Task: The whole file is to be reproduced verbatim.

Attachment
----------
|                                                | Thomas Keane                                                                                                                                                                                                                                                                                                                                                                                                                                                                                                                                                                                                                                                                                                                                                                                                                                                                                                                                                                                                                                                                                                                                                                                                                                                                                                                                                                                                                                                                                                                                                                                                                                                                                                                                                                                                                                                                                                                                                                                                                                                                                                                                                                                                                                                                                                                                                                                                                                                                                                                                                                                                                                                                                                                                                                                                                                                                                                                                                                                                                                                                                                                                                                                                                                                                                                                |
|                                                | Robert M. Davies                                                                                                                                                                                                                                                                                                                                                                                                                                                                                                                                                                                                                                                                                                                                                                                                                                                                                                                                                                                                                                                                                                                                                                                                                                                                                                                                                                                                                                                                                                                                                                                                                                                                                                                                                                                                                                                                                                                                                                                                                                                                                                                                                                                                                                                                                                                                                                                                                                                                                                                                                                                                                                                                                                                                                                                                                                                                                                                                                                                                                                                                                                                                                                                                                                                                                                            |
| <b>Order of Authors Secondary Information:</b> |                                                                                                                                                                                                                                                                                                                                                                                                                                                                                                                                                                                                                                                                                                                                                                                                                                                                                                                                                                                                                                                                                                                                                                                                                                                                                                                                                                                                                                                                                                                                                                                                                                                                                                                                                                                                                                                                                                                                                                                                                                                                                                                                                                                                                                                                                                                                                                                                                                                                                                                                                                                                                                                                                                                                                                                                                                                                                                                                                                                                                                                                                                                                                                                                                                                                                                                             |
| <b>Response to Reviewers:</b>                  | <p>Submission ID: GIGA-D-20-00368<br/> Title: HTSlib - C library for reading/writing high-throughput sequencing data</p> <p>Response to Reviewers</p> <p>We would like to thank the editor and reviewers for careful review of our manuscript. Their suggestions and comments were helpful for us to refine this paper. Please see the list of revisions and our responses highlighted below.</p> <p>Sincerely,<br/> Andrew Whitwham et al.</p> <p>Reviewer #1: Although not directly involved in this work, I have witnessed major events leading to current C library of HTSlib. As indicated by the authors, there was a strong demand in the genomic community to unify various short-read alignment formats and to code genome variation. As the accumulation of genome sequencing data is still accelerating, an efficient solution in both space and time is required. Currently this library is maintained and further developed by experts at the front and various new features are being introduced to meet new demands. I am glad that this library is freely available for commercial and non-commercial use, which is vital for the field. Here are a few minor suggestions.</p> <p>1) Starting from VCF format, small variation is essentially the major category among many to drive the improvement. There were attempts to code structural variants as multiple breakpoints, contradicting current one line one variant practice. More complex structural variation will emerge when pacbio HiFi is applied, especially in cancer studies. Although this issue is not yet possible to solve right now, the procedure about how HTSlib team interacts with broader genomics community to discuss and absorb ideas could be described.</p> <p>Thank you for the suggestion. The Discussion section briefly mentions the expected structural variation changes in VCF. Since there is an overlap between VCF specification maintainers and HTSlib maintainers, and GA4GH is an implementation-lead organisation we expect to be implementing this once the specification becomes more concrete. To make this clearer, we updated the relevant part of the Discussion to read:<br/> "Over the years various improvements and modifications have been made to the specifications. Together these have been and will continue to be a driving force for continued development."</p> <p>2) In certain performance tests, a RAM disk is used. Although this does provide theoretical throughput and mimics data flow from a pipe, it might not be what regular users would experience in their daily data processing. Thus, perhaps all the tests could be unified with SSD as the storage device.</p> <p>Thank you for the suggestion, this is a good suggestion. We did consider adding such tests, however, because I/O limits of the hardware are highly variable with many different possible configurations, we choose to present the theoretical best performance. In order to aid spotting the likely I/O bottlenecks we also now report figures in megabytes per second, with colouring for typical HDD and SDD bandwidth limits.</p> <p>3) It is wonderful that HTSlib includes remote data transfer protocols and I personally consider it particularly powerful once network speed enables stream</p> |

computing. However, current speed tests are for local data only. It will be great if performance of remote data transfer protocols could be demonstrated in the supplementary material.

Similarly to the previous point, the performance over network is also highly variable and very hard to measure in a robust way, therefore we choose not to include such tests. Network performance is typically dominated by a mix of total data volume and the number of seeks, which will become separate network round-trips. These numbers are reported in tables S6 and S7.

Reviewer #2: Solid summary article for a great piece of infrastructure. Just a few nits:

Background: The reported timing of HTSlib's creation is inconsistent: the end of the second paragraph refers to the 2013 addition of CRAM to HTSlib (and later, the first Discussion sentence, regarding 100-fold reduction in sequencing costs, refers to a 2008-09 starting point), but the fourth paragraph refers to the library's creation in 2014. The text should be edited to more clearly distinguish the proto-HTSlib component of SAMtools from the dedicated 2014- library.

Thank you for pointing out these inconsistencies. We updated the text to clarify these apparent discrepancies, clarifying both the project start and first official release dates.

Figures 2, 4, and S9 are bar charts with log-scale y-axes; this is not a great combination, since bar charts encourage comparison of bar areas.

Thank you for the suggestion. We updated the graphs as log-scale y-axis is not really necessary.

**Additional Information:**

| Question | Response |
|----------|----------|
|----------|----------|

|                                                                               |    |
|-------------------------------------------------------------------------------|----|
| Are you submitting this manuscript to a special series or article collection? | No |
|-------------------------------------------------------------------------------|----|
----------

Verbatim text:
|                                                | Thomas Keane                                                                                                                                                                                                                                                                                                                                                                                                                                                                                                                                                                                                                                                                                                                                                                                                                                                                                                                                                                                                                                                                                                                                                                                                                                                                                                                                                                                                                                                                                                                                                                                                                                                                                                                                                                                                                                                                                                                                                                                                                                                                                                                                                                                                                                                                                                                                                                                                                                                                                                                                                                                                                                                                                                                                                                                                                                                                                                                                                                                                                                                                                                                                                                                                                                                                                                                |
|                                                | Robert M. Davies                                                                                                                                                                                                                                                                                                                                                                                                                                                                                                                                                                                                                                                                                                                                                                                                                                                                                                                                                                                                                                                                                                                                                                                                                                                                                                                                                                                                                                                                                                                                                                                                                                                                                                                                                                                                                                                                                                                                                                                                                                                                                                                                                                                                                                                                                                                                                                                                                                                                                                                                                                                                                                                                                                                                                                                                                                                                                                                                                                                                                                                                                                                                                                                                                                                                                                            |
| <b>Order of Authors Secondary Information:</b> |                                                                                                                                                                                                                                                                                                                                                                                                                                                                                                                                                                                                                                                                                                                                                                                                                                                                                                                                                                                                                                                                                                                                                                                                                                                                                                                                                                                                                                                                                                                                                                                                                                                                                                                                                                                                                                                                                                                                                                                                                                                                                                                                                                                                                                                                                                                                                                                                                                                                                                                                                                                                                                                                                                                                                                                                                                                                                                                                                                                                                                                                                                                                                                                                                                                                                                                             |
| <b>Response to Reviewers:</b>                  | <p>Submission ID: GIGA-D-20-00368<br/> Title: HTSlib - C library for reading/writing high-throughput sequencing data</p> <p>Response to Reviewers</p> <p>We would like to thank the editor and reviewers for careful review of our manuscript. Their suggestions and comments were helpful for us to refine this paper. Please see the list of revisions and our responses highlighted below.</p> <p>Sincerely,<br/> Andrew Whitwham et al.</p> <p>Reviewer #1: Although not directly involved in this work, I have witnessed major events leading to current C library of HTSlib. As indicated by the authors, there was a strong demand in the genomic community to unify various short-read alignment formats and to code genome variation. As the accumulation of genome sequencing data is still accelerating, an efficient solution in both space and time is required. Currently this library is maintained and further developed by experts at the front and various new features are being introduced to meet new demands. I am glad that this library is freely available for commercial and non-commercial use, which is vital for the field. Here are a few minor suggestions.</p> <p>1) Starting from VCF format, small variation is essentially the major category among many to drive the improvement. There were attempts to code structural variants as multiple breakpoints, contradicting current one line one variant practice. More complex structural variation will emerge when pacbio HiFi is applied, especially in cancer studies. Although this issue is not yet possible to solve right now, the procedure about how HTSlib team interacts with broader genomics community to discuss and absorb ideas could be described.</p> <p>Thank you for the suggestion. The Discussion section briefly mentions the expected structural variation changes in VCF. Since there is an overlap between VCF specification maintainers and HTSlib maintainers, and GA4GH is an implementation-lead organisation we expect to be implementing this once the specification becomes more concrete. To make this clearer, we updated the relevant part of the Discussion to read:<br/> "Over the years various improvements and modifications have been made to the specifications. Together these have been and will continue to be a driving force for continued development."</p> <p>2) In certain performance tests, a RAM disk is used. Although this does provide theoretical throughput and mimics data flow from a pipe, it might not be what regular users would experience in their daily data processing. Thus, perhaps all the tests could be unified with SSD as the storage device.</p> <p>Thank you for the suggestion, this is a good suggestion. We did consider adding such tests, however, because I/O limits of the hardware are highly variable with many different possible configurations, we choose to present the theoretical best performance. In order to aid spotting the likely I/O bottlenecks we also now report figures in megabytes per second, with colouring for typical HDD and SDD bandwidth limits.</p> <p>3) It is wonderful that HTSlib includes remote data transfer protocols and I personally consider it particularly powerful once network speed enables stream</p> |

computing. However, current speed tests are for local data only. It will be great if performance of remote data transfer protocols could be demonstrated in the supplementary material.

Similarly to the previous point, the performance over network is also highly variable and very hard to measure in a robust way, therefore we choose not to include such tests. Network performance is typically dominated by a mix of total data volume and the number of seeks, which will become separate network round-trips. These numbers are reported in tables S6 and S7.

Reviewer #2: Solid summary article for a great piece of infrastructure. Just a few nits:

Background: The reported timing of HTSlib's creation is inconsistent: the end of the second paragraph refers to the 2013 addition of CRAM to HTSlib (and later, the first Discussion sentence, regarding 100-fold reduction in sequencing costs, refers to a 2008-09 starting point), but the fourth paragraph refers to the library's creation in 2014. The text should be edited to more clearly distinguish the proto-HTSlib component of SAMtools from the dedicated 2014- library.

Thank you for pointing out these inconsistencies. We updated the text to clarify these apparent discrepancies, clarifying both the project start and first official release dates.

Figures 2, 4, and S9 are bar charts with log-scale y-axes; this is not a great combination, since bar charts encourage comparison of bar areas.

Thank you for the suggestion. We updated the graphs as log-scale y-axis is not really necessary.

**Additional Information:**

| Question | Response |
|----------|----------|
|----------|----------|

|                                                                               |    |
|-------------------------------------------------------------------------------|----|
| Are you submitting this manuscript to a special series or article collection? | No |
|-------------------------------------------------------------------------------|----|